Genome variation of human papillomavirus types: Phylogenetic and medical implications
Article first published online: 5 DEC 2005
Copyright © 2005 Wiley-Liss, Inc.
International Journal of Cancer
Volume 118, Issue 5, pages 1071–1076, 1 March 2006
How to Cite
Bernard, H.-U., Calleja-Macias, I. E. and Dunn, S. T. (2006), Genome variation of human papillomavirus types: Phylogenetic and medical implications. Int. J. Cancer, 118: 1071–1076. doi: 10.1002/ijc.21655
- Issue published online: 20 DEC 2005
- Article first published online: 5 DEC 2005
- Manuscript Accepted: 6 SEP 2005
- Manuscript Received: 22 AUG 2005
- NIH. Grant Number: ROI CA-91964
- Chao Family Comprehensive Cancer Center of the University of California Irvine
- UC MEXUS-CONACYT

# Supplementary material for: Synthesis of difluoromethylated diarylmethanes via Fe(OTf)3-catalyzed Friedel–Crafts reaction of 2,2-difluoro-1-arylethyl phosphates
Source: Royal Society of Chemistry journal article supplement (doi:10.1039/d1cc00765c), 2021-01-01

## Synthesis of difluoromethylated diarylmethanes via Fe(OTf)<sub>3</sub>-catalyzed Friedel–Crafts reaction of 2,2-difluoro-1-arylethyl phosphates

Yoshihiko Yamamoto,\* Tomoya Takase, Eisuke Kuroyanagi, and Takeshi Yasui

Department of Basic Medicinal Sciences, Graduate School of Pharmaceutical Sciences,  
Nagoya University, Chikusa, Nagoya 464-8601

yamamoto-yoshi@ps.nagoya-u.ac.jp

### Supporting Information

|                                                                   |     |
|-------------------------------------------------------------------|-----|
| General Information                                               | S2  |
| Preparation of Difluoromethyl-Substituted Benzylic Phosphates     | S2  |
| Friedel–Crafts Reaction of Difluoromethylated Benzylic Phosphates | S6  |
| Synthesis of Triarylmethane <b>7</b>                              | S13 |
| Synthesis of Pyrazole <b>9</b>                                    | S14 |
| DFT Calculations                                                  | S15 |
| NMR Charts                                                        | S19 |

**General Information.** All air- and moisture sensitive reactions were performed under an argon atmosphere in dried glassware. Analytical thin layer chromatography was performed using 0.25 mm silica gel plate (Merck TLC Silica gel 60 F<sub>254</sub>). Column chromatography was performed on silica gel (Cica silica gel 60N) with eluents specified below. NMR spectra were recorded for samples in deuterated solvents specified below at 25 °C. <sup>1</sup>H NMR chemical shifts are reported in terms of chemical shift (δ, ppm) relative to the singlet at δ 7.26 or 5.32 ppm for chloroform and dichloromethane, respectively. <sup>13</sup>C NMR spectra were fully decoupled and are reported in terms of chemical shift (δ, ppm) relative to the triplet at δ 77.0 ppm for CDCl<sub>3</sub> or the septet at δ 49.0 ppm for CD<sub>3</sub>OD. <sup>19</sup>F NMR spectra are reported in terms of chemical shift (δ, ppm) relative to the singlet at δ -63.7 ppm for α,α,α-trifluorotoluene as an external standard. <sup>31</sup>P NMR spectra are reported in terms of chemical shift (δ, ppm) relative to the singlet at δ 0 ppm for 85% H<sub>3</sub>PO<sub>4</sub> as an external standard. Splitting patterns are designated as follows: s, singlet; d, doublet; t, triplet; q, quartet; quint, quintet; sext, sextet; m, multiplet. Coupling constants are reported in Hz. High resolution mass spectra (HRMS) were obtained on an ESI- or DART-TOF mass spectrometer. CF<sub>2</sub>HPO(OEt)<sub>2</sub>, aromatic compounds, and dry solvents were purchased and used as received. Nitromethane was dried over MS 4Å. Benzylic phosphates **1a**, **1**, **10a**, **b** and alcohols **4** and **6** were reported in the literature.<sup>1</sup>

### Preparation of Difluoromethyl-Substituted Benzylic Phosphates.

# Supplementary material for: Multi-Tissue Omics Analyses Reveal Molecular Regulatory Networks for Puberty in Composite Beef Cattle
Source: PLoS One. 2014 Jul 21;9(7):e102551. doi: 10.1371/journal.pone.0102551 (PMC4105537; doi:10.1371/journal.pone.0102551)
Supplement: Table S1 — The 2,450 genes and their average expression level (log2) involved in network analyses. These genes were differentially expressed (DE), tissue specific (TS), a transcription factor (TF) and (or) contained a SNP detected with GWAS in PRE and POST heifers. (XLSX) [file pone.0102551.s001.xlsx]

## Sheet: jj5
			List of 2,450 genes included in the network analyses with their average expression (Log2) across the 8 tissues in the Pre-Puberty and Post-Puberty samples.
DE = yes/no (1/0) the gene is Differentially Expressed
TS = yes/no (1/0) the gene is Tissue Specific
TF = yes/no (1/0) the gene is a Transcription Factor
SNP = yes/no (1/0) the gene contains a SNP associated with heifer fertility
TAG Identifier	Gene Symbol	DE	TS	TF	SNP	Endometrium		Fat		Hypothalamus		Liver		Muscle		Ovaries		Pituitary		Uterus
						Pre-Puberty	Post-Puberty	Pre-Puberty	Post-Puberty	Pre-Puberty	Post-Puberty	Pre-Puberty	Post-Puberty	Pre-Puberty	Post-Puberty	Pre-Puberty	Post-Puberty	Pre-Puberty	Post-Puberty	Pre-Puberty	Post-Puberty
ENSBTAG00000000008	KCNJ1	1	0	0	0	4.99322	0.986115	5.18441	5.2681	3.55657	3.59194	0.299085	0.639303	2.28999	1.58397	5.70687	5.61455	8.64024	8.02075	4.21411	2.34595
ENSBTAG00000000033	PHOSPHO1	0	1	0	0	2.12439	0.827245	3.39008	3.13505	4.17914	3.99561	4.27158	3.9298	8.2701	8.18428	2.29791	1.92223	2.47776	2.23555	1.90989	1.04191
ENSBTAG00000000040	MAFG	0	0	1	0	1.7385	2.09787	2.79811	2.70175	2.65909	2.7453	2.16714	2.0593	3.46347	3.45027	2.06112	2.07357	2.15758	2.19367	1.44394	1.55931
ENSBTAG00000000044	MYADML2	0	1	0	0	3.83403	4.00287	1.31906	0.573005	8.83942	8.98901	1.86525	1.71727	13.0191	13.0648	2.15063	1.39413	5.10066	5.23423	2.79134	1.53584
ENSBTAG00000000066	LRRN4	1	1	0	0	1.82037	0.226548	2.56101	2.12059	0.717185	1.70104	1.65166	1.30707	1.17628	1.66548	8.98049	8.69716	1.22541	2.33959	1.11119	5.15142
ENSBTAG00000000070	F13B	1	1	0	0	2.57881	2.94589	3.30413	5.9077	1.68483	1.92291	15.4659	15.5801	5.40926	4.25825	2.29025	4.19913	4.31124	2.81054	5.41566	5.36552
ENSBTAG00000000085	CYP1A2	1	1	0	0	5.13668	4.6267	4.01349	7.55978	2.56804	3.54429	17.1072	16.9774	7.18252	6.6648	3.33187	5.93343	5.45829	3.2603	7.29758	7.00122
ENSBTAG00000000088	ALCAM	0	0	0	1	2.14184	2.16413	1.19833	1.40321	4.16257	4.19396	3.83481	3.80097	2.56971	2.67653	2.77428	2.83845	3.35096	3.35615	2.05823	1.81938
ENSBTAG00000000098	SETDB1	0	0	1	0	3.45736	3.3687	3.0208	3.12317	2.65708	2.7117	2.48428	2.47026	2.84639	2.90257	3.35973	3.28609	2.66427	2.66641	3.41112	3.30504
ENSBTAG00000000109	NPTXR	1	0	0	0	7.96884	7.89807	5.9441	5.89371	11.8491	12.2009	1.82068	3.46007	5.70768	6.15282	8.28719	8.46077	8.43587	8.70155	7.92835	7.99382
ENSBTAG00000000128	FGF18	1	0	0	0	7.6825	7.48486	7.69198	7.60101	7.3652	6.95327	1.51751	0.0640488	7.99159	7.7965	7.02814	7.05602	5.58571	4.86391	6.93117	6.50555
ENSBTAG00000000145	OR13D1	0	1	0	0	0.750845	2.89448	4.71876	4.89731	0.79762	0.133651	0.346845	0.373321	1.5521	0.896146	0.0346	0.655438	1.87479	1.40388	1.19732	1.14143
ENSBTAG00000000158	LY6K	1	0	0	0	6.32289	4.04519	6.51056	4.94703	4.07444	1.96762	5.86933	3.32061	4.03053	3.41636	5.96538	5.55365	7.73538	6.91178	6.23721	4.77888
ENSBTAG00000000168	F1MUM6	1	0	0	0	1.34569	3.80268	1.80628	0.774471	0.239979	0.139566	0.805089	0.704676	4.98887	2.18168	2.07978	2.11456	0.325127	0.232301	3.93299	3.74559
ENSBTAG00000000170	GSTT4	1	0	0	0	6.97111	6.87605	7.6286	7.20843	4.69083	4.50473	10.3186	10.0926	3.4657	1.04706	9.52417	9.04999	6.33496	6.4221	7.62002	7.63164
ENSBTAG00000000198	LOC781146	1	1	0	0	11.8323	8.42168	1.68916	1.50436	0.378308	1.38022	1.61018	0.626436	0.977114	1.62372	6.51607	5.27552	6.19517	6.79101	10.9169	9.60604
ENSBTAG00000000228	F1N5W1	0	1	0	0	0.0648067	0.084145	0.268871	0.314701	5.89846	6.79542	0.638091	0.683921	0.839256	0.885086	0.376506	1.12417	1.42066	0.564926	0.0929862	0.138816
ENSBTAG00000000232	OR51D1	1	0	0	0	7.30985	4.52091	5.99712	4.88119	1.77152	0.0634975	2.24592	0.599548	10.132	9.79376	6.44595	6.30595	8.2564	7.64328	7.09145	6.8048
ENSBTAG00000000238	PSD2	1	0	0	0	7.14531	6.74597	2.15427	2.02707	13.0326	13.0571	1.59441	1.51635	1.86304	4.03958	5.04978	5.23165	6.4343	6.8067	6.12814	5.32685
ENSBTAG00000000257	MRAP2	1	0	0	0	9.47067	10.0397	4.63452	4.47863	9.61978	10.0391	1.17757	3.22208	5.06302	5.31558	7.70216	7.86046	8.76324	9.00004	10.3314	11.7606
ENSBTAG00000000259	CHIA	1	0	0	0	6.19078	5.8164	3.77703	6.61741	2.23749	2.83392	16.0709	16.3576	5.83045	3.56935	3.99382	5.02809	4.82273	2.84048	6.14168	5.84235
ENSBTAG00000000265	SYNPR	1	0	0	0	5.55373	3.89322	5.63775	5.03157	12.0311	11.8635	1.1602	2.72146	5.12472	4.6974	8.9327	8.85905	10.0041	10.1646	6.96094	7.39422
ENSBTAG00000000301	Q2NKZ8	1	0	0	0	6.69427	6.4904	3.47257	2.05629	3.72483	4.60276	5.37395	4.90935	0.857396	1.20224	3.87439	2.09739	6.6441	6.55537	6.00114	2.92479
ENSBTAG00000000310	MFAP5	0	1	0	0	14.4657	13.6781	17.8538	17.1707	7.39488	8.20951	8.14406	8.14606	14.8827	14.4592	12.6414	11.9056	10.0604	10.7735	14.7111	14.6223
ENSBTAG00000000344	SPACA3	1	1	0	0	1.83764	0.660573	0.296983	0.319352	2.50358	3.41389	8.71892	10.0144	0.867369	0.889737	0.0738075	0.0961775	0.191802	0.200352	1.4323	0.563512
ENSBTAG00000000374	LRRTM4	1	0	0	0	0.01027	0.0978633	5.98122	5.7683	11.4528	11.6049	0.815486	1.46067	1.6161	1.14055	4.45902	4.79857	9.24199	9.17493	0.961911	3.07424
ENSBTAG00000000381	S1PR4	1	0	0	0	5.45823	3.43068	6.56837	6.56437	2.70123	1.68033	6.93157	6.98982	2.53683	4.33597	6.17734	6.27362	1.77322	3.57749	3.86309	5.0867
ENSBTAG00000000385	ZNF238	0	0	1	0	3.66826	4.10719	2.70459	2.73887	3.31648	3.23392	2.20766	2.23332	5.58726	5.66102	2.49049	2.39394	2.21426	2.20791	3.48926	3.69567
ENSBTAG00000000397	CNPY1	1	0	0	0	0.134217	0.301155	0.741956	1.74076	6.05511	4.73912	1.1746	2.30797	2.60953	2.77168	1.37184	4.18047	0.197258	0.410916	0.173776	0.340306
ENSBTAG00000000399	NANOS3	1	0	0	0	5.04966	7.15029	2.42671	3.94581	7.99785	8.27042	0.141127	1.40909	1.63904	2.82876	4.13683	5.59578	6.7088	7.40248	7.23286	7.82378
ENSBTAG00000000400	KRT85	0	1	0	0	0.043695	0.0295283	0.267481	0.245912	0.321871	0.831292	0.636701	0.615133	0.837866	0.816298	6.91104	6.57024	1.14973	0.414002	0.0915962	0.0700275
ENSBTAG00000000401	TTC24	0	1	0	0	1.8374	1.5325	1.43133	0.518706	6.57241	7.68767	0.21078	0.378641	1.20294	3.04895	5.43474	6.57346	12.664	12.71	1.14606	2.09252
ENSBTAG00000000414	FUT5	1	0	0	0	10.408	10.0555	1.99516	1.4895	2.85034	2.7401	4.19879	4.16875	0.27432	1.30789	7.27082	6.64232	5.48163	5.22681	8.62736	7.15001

Human papillomaviruses (HPVs) are described as “types” based on their genome sequences and identified by a number. For example, HPV-6 is associated with genital warts, and HPV-16 with anogenital cancers. The genomes of many HPV types have been reisolated, sequenced and compared to reference “prototypes” countless times by laboratories throughout the world. It was found that each HPV type occurs in the form of “variants”, identified by about 2% nucleotide differences in most genes and 5% in less conserved regions. Less than 100 variants of any HPV type have been detected, a scenario that is very different from the quasi-species formed by many RNA viruses. The variants of each HPV type form phylogenetic trees, and variants from specific branches are often unique to specific ethnic groups. Immigrant populations contain, depending on their respective ethnic origins, mixtures of variants. The absence of HPV genomes intermediate to specific types show that all HPV types existed already when humans became a species. Consequently, humans had always suffered from lesions like anogenital cancer, genital warts and common warts. A growing number of epidemiological, etiological and molecular data suggest that variants of the same HPV type are biologically distinct and may confer differential pathogenic risks. Since the distribution of some variants of HPV-16 and 18 correlates with the distribution of human populations that have an increased risk to develop anogenital cancer, the study of HPV type variation may point to one of the reasons for the higher incidence rates of these lesions in specific cohorts. © 2005 Wiley-Liss, Inc.